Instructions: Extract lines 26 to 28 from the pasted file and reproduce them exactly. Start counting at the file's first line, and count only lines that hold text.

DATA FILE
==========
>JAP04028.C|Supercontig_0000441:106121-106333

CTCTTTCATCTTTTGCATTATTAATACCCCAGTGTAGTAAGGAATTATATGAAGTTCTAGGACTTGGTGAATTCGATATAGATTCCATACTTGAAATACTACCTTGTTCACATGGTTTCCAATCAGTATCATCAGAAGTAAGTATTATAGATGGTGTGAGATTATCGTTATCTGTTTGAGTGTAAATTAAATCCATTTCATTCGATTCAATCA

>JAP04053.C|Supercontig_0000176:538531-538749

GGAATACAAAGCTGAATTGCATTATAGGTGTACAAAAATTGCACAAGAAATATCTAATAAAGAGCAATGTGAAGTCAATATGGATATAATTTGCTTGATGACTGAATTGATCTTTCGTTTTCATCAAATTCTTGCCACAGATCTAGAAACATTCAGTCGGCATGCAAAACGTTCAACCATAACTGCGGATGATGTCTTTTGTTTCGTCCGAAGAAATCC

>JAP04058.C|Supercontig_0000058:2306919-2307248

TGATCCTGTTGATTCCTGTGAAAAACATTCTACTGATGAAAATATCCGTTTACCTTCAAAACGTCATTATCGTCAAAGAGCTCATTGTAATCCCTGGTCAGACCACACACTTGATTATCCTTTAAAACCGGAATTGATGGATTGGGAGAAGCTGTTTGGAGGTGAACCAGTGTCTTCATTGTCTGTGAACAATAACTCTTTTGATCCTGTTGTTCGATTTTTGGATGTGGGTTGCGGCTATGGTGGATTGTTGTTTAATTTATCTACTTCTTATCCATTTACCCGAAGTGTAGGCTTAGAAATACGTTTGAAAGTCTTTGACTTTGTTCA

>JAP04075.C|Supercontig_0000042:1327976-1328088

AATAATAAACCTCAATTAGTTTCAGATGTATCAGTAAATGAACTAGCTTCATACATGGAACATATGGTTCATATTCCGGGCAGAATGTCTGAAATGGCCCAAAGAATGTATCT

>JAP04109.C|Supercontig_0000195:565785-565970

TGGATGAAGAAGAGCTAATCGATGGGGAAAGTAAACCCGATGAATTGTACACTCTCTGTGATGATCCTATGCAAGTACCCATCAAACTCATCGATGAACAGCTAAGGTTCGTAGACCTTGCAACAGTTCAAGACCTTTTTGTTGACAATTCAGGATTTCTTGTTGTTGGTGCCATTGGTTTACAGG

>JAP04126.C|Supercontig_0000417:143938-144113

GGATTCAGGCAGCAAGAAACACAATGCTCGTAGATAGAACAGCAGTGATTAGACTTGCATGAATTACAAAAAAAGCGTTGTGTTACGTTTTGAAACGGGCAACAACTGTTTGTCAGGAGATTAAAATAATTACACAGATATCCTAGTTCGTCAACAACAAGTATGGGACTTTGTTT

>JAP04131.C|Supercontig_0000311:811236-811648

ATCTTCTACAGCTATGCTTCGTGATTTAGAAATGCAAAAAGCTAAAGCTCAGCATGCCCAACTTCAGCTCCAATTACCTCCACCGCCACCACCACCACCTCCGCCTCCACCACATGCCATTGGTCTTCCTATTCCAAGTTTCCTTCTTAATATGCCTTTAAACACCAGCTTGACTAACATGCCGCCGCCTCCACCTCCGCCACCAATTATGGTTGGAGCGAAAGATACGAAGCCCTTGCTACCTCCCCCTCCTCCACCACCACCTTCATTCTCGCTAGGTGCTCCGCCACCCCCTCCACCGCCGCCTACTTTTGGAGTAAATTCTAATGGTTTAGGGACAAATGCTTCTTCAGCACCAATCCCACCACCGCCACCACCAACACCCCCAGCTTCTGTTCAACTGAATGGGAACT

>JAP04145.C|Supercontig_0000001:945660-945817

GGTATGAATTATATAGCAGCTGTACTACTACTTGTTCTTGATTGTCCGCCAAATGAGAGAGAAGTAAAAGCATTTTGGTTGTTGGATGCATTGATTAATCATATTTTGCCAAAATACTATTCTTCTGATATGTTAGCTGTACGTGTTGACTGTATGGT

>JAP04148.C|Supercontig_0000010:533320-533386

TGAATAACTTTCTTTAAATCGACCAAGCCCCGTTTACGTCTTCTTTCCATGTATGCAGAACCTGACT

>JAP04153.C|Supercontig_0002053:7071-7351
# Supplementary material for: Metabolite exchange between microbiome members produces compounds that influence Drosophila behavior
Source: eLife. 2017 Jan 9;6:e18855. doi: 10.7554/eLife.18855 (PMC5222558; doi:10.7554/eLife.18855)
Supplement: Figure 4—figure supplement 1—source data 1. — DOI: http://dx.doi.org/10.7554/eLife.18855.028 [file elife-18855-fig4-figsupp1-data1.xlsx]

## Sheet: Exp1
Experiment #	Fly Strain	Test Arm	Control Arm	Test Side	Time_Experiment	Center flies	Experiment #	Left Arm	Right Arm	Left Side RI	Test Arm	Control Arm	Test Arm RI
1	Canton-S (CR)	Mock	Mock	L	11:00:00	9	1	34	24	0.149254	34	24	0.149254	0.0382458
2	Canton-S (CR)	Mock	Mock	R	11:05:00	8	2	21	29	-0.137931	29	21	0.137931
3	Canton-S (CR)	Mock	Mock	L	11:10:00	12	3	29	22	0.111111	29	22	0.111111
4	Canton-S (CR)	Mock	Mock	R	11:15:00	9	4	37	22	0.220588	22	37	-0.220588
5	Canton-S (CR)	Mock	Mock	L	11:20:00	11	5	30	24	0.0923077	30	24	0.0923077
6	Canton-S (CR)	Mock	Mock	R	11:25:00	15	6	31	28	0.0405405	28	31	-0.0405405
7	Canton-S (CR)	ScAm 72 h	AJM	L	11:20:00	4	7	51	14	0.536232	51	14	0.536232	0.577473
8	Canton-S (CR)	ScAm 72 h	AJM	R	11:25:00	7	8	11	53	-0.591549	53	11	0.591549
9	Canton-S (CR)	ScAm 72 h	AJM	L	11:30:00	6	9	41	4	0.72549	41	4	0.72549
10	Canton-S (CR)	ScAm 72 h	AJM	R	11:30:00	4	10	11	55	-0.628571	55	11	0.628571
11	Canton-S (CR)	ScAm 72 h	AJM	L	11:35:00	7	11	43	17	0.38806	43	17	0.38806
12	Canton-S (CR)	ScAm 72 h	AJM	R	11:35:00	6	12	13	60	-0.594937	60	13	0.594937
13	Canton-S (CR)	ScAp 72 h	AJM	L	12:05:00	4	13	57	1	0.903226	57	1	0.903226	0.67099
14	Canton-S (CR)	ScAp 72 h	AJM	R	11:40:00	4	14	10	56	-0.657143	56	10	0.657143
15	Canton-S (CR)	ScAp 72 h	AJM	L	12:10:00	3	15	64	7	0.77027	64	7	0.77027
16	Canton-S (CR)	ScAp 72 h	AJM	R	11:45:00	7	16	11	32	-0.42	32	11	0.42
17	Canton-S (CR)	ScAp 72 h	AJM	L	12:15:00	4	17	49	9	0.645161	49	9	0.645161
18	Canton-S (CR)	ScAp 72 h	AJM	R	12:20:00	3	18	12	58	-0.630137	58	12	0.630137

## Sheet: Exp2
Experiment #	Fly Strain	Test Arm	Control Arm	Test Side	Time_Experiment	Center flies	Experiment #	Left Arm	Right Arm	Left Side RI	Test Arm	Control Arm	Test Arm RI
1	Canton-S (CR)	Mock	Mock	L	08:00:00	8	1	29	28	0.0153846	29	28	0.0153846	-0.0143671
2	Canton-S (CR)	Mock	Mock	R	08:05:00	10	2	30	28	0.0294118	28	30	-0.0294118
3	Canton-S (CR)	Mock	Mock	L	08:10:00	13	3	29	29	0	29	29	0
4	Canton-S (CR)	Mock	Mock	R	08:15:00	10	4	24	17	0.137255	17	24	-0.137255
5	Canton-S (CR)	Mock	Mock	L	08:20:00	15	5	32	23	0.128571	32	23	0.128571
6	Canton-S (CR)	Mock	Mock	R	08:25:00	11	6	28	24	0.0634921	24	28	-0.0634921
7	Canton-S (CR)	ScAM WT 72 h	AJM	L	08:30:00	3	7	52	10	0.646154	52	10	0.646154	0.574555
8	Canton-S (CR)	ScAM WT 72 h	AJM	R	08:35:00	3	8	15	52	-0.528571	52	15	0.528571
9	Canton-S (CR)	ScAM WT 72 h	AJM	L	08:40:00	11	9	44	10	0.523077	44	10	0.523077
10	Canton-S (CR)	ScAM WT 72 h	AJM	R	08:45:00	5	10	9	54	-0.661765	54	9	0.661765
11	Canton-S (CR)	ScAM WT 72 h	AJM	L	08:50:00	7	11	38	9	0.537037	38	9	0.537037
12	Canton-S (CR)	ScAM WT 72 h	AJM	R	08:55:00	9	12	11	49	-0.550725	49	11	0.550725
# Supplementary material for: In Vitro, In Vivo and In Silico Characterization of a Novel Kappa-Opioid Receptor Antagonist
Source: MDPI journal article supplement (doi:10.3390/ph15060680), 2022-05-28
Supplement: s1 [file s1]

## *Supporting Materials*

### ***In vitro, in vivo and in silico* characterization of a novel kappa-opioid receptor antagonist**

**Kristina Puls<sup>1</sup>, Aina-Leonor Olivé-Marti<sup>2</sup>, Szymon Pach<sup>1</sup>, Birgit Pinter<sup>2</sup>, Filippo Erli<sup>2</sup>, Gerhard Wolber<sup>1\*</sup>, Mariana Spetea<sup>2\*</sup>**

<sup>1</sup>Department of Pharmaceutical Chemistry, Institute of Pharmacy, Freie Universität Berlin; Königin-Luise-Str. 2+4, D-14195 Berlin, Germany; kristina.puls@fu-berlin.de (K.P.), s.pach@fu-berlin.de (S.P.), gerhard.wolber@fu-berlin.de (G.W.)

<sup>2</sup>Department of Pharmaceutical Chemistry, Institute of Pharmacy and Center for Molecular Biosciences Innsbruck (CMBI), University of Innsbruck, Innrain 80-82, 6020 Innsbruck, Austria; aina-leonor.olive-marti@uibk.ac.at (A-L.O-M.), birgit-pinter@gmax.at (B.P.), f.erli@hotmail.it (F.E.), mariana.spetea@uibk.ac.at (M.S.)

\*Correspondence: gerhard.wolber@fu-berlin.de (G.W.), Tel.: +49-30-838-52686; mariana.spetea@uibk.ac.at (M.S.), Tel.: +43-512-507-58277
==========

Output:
2	Canton-S (CR)	Mock	Mock	R	11:05:00	8	2	21	29	-0.137931	29	21	0.137931
3	Canton-S (CR)	Mock	Mock	L	11:10:00	12	3	29	22	0.111111	29	22	0.111111
4	Canton-S (CR)	Mock	Mock	R	11:15:00	9	4	37	22	0.220588	22	37	-0.220588